In speaking out, young athletes prove they are more than just the sum of their skills
Kobe Paras doesn’t pretend to have all the answers.
“I’m 22. I don’t know it all,” the University of the Philippines (UP) star wrote on his Instagram story late Friday night.
“But I can tell what right from wrong is,” he added.
Earlier that day, Paras voiced out plans to raise money to bail out seven jailed UP Cebu students who were nabbed after protesting against the antiterror bill. Police picked up the peaceful protesters purportedly for violating quarantine rules.
Paras’ UP teammates also promised to pitch in, drawing praise for their sociopolitical awareness.
And it seems that several other young players are also making sure their voices are heard at a time when there is a strong push to muzzle athletes, artists and other celebrities when it comes to their political views.
“I don’t think I could afford to stay silent,” Jack Animam, the country’s highly regarded women’s basketball standout, told the Inquirer in Filipino when asked about her stance against the Anti-Terrorism Act of 2020, which was passed in Congress on Wednesday.
“I’m fed up with how people in power are treating us, especially when we’re in the middle of a pandemic,” Animam said. “We’ve been in quarantine for months and there had been no clear solutions for the people, then they’d pass this bill?”
“’Di ko kayang mag bulag-bulagan. Nakakasakit ng damdamin (I can’t turn a blind eye. It hurts).”
‘Who else will?’
Jamie Lim, the country’s karate gold medalist in last year’s Southeast Asian Games and an Olympic hopeful, is also using her platform to speak out for those whose voices will always get lost in the din.
“If we do not [speak out for those who can’t], who else will?” Lim said.
The UP graduate was among the young athletes who protested the swift passage of the bill in the midst of a pandemic.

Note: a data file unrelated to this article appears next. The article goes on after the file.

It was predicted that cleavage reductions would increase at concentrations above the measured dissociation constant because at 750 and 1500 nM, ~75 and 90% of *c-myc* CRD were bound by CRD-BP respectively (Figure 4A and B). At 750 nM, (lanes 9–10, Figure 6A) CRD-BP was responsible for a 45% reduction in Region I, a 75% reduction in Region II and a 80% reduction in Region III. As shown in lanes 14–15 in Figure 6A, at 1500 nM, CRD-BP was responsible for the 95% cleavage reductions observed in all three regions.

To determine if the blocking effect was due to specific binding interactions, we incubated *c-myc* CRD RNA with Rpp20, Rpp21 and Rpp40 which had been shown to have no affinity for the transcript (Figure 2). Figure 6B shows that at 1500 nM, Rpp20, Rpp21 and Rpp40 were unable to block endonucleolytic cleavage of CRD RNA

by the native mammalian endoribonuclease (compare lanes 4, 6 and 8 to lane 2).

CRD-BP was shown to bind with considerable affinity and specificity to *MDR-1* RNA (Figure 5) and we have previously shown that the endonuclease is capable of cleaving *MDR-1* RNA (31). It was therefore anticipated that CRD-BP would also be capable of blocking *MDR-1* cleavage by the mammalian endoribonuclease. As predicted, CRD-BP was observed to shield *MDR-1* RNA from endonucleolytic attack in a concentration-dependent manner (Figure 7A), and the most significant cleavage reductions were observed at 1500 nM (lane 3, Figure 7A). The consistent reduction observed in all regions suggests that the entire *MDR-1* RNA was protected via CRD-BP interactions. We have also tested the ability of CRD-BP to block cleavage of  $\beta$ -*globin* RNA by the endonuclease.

“I thought it was clear that the enemy is COVID-19,” she said. “We are supposed to be united, cooperating and working together … But there are so many efforts totally unrelated to solving this health crisis.”
There have been several critics of athletes who make their political voice heard. Most notably, news anchor Laura Ingraham told LeBron James to “shut up and dribble” after the Lakers star’s tirades against US President Donald Trump in 2018. Locally, several people have complained about athletes and other celebrities speaking out their political views, with some even sharing harsh memes suggesting them to stick to what they’re skilled at.
But young athletes don’t see it that way.
“As people with influence, we enjoy a platform. And within it, the duty to use it,” said Animam who has anchored National University’s historic run in the UAAP and was part of a historic SEA Games gold medal feat.
“We are all citizens of the Philippines and we have the responsibility to fight for something bigger than ourselves,” Lim added.
Among the other amateurs who used their social platforms to make a stand were former Ateneo main man Thirdy Ravena and University of Santo Tomas skipper CJ Cansino.
“Shut up and dribble? Nah,” Cansino posted on Friday after tweeting in protest against the antiterror bill.
Ravena, meanwhile, shared social media entries that inform about the risky loopholes of the bill. Both Ravena and Paras have signed an online petition against the bill.
Paras took it a step further by helping raise bail for the jailed UP Cebu students. Other players who also donated cash for the students’ legal fees or helped encourage people to do the same were brothers Javi and Juan Gomez de Liaño, Ricci Rivero, Jun Manzo and Paul Desiderio.
“We want them to excel in their sports they are in. But we also provide them the environment that they can freely express themselves,” said Renan Dalisay, founding chair of the NoWhere To Go But UP Foundation. “As influencers and personalities in the field of sports, they can do a lot in inspiring people to speak out for what they believe is right or wrong.”
And for as long as they can, they will do everything to make people listen.
“The people’s voice, it’s a cry for help,” Lim said. “It should be heard, not silenced.”
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